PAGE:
Military action in Iraq creates new anxiety for hard-hit Fort Hood, Texas

Army Sgt. Daniel Methvin was among the post's previous record casualty count

Jason Sickles, Yahoo
Yahoo News

The Iraq war claimed the lives of 519 soldiers from Fort Hood, Texas, more than any other U.S. military post. (Jason Sickles/Yahoo News)

The Iraq war claimed the lives of 519 soldiers from Fort Hood, Texas, more than any other U.S. military post. (Jason …

KILLEEN, Texas — There are days when George and Linda Methvin still tiptoe around their home in nearby Belton like it’s an emotional minefield.

Eleven years ago next month Army officers came to the two-story redbrick with word that their 22-year-old son, Sgt. Daniel Methvin, had been killed by an insurgent’s grenade in Iraq.

The Methvins have learned to cope with the loss, but as George says, “Don’t let the facade fool you. It’s always there.”

That’s why a wooden box beside their bed is latched and coated in dust. The letters inside, sent from Daniel in Iraq, haven’t been read since his death.

“It’s just too tender, too bittersweet,” Linda, 61, told Yahoo News.

A burial flag the Army gave them sits in the garage. They dodge TV news, especially war stories, when possible.

“My stomach and chest tighten up,” said George, 62.

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Army Sgt. Daniel Methvin and his son, Elijah, before the soldier was killed in Iraq in 2003. (Family photo)

Army Sgt. Daniel Methvin and his son, Elijah, before the soldier was killed in Iraq in 2003. (Family photo)

But living in a military community makes it hard to escape everything. Fort Hood, which covers 340 square miles of Central Texas, is home to 40,000 Army soldiers.

So when President Barack Obama decided this week to send nearly 300 American troops back to war-torn Iraq on a security mission, the Methvins, like most others in this community, took notice.

“I don't get that involved in politics; I just didn't feel like we needed to be in Iraq to begin with,” said Linda, who supported her son and continues to support troops nonetheless. “But I don’t know why we are always the ones that have to take care of everything.”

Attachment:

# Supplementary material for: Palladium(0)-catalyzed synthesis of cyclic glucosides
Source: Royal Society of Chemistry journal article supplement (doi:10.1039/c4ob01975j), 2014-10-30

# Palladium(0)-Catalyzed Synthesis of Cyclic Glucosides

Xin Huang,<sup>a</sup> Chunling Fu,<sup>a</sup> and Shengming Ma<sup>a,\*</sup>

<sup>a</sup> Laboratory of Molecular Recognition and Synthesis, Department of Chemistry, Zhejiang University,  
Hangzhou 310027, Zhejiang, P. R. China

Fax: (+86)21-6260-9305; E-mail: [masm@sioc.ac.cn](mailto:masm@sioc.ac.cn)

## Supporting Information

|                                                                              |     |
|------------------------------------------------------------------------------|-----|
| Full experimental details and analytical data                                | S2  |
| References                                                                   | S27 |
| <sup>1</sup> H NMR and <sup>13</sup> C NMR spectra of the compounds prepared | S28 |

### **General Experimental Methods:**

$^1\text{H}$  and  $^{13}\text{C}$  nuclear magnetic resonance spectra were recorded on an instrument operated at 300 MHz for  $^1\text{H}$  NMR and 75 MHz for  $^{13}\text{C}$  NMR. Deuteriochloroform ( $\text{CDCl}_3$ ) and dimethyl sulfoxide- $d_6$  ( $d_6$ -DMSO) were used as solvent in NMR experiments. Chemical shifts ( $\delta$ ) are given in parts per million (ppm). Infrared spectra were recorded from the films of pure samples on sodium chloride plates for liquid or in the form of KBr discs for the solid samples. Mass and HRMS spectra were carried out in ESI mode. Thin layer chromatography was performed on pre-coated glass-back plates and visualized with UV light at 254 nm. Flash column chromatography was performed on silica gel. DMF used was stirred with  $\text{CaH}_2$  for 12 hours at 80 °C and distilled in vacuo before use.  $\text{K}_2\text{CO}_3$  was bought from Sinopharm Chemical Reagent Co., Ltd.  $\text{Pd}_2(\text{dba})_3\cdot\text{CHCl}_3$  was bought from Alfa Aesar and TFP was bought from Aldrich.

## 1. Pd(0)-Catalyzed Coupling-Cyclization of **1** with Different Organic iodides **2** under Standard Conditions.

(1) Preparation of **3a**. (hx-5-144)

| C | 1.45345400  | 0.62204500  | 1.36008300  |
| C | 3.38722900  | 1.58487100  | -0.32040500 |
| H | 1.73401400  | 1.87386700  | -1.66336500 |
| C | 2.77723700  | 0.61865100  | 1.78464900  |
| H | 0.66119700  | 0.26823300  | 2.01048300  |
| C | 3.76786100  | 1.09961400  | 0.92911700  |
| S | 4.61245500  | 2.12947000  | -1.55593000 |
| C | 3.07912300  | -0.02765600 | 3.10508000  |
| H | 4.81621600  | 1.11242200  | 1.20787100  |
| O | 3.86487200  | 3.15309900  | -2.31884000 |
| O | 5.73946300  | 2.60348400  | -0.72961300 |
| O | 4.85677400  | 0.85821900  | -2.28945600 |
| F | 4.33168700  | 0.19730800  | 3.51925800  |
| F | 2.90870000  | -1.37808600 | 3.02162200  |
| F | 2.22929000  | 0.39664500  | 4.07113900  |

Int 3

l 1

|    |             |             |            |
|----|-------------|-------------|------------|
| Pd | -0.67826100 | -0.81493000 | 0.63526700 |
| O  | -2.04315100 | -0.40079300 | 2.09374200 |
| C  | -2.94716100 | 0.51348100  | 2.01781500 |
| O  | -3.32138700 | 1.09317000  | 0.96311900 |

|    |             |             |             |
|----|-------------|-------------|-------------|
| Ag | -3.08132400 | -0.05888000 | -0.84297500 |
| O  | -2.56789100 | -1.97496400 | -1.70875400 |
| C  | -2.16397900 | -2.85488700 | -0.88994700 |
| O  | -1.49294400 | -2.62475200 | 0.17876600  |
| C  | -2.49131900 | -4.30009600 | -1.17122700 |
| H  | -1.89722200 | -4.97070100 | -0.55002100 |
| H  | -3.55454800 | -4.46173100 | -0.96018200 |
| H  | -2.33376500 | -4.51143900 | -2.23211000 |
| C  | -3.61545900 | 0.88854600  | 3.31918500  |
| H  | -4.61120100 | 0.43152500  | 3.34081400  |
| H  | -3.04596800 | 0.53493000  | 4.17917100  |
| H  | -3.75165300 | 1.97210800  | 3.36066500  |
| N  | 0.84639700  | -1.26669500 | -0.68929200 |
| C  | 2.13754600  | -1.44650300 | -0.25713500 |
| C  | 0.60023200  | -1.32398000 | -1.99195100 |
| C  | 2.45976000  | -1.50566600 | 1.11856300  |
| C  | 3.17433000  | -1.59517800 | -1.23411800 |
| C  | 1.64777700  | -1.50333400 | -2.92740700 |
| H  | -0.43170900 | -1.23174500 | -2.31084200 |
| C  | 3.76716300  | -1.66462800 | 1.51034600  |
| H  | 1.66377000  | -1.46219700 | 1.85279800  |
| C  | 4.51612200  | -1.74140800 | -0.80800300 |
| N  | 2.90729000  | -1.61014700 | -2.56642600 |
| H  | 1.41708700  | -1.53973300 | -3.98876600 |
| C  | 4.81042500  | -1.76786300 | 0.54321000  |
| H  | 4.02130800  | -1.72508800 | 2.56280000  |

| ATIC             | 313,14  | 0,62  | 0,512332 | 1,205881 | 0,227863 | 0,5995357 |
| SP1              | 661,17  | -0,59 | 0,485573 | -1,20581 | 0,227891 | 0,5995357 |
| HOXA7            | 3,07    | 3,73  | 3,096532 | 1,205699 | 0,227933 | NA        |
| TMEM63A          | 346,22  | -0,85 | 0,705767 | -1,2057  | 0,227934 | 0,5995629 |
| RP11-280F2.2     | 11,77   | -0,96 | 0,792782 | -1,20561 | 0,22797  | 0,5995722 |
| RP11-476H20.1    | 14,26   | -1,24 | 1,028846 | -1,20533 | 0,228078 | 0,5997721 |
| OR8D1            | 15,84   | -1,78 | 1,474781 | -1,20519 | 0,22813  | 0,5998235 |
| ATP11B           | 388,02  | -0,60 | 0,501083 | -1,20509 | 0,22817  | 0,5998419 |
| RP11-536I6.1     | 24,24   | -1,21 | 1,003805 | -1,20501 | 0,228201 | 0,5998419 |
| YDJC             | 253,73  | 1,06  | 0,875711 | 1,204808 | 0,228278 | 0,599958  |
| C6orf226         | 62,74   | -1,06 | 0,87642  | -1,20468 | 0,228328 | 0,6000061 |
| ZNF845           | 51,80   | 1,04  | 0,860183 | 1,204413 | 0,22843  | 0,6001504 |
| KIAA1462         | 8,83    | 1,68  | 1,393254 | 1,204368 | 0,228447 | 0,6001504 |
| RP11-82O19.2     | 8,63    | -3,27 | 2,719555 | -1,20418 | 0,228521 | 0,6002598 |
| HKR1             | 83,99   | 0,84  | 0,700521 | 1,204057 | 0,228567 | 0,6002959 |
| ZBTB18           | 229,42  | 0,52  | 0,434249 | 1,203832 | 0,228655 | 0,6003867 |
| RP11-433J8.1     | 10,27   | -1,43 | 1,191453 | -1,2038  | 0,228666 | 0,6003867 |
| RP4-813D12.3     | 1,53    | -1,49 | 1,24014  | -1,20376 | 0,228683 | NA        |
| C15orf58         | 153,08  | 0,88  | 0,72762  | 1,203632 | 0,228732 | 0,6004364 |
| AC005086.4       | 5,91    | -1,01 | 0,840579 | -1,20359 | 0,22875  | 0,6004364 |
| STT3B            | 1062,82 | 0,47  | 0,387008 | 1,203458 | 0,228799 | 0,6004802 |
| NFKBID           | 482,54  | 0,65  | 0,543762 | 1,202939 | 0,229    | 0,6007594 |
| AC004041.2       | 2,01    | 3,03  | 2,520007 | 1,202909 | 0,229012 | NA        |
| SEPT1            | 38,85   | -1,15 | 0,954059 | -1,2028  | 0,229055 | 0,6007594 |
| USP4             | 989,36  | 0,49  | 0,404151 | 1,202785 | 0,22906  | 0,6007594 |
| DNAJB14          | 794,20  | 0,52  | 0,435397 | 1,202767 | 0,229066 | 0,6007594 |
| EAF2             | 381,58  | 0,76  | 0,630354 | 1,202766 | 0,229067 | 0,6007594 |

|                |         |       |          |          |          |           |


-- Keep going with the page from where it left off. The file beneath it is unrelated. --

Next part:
Since 2003, Fort Hood has deployed nearly a half-million soldiers, in weekly waves, to Iraq and Afghanistan.

Of the 4,804 American military casualties in Iraq, 519 were stationed at Fort Hood, the most of any U.S. base.

“That was a hard time to handle,” said Jean Shine, a supporter of the Central Texas State Veterans Cemetery. “I was going to funerals all the time.”

Sgt. Methvin, a mortar-man, was one of the first from Fort Hood to die. He had been away from home for four months when he was killed guarding a children’s hospital, an extra assignment for which he had volunteered.

“He was a loving, honorable person who loved kids,” Linda said. "Daniel definitely felt like he should be there, and he felt more validated as a man. He definitely felt like he was making a difference over there.”

However, George added, “If he were alive today, he wouldn't believe that we are still over there.”

Fort Hood spokesman Chris Haug told Yahoo News there are no current orders to deploy to Iraq. Troops from here were among the last to leave Iraq when the U.S. withdrew in late 2011.